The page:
Steps nine and ten
will have you building up the breech block assembly, the only other area on the kit that required any filler putty, along with the panoramic telescope assembly, the range quadrant, all followed by sliding the gun tube assembly into place. Well, welcome to the land of tiny parts, my friend, and enjoy the well-detailed ride! Everything here is very nicely-detailed; they even include as a separate piece the firing pin (part B35), although I have no idea why. If you want to build the gun being serviced, have at it.
I particularly was impressed with the breech block operating lever (part B4), which is just one fine piece of molding. Also included here are some very small knobs and such (C22 and B1)… Why? AFV Club could have just as easily molded these in-place, but noooooo, now you face the daunting challenge of the dreaded “tweezers launch,” probably a former Olympic event, right up there with pigeon shooting in popularity.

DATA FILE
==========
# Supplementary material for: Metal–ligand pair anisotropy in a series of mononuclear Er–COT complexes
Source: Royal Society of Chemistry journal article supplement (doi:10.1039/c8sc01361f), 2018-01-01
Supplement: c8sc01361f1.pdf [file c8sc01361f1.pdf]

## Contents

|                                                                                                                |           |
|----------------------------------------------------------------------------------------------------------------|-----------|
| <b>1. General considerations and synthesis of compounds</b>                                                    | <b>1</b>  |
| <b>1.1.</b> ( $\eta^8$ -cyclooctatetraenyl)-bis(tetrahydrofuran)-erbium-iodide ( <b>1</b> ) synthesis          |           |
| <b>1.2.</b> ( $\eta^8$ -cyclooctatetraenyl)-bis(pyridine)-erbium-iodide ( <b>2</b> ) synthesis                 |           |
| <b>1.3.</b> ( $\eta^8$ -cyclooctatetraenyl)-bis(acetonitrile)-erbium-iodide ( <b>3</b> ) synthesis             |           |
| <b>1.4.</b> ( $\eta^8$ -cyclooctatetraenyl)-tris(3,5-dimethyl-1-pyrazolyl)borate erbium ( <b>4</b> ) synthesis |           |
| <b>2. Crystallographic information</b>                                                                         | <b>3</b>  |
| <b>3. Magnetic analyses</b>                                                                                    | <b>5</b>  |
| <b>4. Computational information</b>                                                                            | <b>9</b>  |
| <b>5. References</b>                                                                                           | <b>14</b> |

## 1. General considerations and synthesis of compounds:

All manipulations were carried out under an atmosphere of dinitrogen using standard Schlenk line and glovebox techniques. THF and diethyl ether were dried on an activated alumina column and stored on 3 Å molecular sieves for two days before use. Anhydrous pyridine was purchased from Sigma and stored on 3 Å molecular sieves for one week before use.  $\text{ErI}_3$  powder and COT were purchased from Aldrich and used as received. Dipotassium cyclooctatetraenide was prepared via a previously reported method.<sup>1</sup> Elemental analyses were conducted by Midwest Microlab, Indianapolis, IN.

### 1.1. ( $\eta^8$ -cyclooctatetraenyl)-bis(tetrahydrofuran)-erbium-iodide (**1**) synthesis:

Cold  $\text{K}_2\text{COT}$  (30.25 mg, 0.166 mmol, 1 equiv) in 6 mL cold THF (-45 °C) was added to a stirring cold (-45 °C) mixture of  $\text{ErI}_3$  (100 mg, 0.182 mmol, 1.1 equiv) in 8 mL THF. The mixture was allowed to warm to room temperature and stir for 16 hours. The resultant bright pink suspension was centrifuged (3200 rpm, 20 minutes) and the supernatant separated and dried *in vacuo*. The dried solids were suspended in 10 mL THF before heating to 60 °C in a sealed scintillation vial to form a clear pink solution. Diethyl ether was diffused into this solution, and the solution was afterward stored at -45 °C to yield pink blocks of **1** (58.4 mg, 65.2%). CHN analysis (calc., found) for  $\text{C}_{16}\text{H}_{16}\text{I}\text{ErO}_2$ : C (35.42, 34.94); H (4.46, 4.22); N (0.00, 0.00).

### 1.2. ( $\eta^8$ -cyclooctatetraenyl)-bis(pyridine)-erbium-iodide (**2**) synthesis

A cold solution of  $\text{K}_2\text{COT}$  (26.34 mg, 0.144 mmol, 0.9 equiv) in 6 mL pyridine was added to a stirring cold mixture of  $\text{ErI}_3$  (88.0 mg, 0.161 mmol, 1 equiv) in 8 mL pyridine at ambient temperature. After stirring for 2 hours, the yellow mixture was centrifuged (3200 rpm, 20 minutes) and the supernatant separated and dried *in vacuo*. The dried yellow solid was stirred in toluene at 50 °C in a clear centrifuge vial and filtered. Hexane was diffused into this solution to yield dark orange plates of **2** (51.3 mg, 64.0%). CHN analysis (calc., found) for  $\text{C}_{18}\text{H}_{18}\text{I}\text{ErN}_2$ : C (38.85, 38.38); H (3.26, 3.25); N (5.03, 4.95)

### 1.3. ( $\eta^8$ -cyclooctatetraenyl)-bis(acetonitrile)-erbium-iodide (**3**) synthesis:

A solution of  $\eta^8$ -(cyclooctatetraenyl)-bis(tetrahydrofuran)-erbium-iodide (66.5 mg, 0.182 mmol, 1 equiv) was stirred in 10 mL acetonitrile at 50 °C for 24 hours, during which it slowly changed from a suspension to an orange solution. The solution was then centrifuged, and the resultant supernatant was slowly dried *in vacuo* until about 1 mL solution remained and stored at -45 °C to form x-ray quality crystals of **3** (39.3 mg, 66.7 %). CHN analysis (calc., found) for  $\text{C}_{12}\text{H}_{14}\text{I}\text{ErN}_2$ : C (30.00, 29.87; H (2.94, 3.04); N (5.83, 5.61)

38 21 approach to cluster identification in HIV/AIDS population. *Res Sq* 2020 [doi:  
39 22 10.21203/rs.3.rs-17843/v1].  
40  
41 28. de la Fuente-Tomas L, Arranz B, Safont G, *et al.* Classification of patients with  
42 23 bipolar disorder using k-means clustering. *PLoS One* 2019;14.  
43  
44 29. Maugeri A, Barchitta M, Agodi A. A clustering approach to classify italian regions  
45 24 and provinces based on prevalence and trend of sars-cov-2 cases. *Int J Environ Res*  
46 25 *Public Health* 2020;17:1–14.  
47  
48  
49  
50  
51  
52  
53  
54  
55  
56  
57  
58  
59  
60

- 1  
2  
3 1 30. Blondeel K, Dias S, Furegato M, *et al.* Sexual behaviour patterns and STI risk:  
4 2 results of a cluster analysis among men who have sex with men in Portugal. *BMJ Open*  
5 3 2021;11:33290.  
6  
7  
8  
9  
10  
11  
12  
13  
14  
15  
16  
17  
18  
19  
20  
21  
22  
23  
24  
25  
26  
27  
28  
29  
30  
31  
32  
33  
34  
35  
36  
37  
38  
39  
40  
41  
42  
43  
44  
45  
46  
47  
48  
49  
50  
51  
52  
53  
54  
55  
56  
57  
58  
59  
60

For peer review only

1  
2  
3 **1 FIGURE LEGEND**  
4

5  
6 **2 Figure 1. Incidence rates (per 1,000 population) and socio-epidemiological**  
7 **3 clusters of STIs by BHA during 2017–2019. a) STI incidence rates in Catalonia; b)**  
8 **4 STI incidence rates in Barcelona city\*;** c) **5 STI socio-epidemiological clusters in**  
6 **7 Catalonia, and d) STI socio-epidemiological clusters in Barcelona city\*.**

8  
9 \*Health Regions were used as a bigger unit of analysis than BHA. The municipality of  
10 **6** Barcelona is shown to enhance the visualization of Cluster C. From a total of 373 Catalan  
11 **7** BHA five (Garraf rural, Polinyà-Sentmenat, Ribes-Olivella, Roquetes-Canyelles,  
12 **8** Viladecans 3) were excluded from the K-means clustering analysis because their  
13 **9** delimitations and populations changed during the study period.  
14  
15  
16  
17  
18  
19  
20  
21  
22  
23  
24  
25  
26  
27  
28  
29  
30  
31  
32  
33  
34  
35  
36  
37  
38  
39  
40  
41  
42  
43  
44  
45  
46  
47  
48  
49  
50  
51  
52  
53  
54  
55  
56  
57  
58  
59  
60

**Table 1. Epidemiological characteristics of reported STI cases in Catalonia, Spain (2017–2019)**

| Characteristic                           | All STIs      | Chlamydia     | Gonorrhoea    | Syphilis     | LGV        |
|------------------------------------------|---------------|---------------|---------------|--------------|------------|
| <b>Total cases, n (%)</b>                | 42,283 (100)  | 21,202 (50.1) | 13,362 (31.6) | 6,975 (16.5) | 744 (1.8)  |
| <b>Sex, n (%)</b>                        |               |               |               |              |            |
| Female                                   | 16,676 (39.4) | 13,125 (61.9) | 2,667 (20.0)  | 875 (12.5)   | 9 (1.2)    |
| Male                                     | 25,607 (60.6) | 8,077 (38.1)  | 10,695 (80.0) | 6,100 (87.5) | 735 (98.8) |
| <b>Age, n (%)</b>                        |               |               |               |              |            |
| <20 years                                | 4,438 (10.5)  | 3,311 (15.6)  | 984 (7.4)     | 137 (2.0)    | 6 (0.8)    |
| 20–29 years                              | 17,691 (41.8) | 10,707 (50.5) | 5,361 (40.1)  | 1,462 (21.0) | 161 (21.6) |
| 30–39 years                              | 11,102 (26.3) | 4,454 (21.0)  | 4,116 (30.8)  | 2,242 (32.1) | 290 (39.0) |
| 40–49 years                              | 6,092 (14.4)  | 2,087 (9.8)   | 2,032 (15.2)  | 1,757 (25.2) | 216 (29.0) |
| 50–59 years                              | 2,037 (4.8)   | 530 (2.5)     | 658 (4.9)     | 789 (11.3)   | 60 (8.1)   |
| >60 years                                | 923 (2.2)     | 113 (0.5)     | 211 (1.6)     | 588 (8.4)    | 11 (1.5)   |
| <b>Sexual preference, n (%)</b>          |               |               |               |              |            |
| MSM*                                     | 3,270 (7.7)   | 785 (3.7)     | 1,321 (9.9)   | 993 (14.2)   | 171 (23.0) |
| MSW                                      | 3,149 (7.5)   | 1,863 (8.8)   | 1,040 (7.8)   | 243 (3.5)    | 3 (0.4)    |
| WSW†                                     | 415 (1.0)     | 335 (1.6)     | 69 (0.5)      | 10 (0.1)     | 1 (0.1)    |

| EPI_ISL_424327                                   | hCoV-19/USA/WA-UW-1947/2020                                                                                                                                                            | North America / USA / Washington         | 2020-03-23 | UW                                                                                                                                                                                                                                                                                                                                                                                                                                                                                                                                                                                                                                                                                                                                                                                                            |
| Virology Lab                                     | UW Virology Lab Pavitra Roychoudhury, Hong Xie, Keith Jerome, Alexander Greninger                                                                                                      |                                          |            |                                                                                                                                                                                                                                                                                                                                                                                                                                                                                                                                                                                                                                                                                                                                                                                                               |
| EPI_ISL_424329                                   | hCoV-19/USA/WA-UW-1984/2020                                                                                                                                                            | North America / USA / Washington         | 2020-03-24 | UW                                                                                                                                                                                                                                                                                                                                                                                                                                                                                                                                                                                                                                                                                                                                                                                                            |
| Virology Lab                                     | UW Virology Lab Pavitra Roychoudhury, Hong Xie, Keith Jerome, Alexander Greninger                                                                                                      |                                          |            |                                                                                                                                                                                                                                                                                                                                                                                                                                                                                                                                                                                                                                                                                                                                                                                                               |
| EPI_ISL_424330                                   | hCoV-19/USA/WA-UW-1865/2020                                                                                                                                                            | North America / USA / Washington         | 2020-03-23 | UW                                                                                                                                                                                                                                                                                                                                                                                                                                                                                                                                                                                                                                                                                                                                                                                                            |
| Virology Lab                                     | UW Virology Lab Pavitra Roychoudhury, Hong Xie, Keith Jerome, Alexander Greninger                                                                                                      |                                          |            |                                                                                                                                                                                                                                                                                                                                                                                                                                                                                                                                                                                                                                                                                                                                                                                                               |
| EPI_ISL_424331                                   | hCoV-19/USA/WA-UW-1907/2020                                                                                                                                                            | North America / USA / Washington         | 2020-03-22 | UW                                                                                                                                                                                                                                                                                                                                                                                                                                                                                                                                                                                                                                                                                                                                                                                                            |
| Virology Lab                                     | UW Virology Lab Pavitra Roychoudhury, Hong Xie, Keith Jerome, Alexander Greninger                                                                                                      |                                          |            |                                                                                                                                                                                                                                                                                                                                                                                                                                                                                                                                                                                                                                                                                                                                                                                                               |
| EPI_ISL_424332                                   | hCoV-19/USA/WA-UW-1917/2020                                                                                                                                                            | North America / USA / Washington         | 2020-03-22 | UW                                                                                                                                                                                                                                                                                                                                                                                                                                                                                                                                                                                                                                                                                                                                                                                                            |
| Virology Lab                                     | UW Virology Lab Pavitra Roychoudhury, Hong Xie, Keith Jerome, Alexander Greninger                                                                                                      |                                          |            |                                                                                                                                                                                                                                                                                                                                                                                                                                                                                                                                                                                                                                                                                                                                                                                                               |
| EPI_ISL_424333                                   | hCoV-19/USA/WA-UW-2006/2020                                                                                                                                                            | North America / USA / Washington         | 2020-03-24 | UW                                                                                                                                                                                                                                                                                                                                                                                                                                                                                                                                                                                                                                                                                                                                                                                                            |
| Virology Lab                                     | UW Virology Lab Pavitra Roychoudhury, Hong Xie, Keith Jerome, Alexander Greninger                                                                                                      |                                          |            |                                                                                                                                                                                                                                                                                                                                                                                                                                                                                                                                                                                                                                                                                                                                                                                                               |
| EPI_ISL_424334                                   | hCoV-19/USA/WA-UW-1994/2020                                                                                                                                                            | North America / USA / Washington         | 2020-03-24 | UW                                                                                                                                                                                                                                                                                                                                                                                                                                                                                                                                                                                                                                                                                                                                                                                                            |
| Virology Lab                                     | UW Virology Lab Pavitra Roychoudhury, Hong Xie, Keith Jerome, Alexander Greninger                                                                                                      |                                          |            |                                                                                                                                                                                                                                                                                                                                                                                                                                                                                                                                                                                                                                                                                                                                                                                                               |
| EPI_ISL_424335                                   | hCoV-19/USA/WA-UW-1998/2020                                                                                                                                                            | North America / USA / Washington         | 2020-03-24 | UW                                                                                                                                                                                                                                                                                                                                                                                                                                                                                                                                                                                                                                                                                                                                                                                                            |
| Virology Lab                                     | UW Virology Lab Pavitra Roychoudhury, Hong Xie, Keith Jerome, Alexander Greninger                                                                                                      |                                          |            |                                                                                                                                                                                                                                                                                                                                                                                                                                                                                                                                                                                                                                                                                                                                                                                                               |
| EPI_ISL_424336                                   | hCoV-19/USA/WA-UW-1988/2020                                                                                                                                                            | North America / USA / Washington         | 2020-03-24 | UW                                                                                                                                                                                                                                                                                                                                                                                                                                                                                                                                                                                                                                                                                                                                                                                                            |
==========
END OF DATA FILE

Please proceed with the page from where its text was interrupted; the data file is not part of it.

You do have a couple of options in these steps: open breech or closed, and position the locking handle accordingly. The ranging telescope can be in the extended or stowed position, with different parts depending on your favorite flavor. And the gunner’s quadrant (part C15), can be either mounted in-place on top of the breech block, or can be omitted altogether. I eventually decided to build mine in-place, then changed my mind and removed it, then flip-flopped again and reattached it. Oh well, I guess I am deeply in touch with my feminine side!
The panoramic scope has a nice trunnion to fit onto which provides a firm mount. Not so with the ranging scope: it is attached to a long rod assembly, which is in turn part of the elevating hand wheel assembly that has a small platform-like bracket which in turn attaches to the back side of the elevating gear housing without any real good mating surface. That eventually all holds up the ranging quadrant. It’s abetted by another one of those helpful instructions that show “stick here” type of assistance— except that the “here” in this particular instance is perfectly situated in the middle of the very busy right hand side of the breech, lanyard, and carriage, and so it’s not at all clear. Truthfully, I used a dab of glue and a prayer. Luckily, the modeling gods were with me, and the gun still slides in the carriage.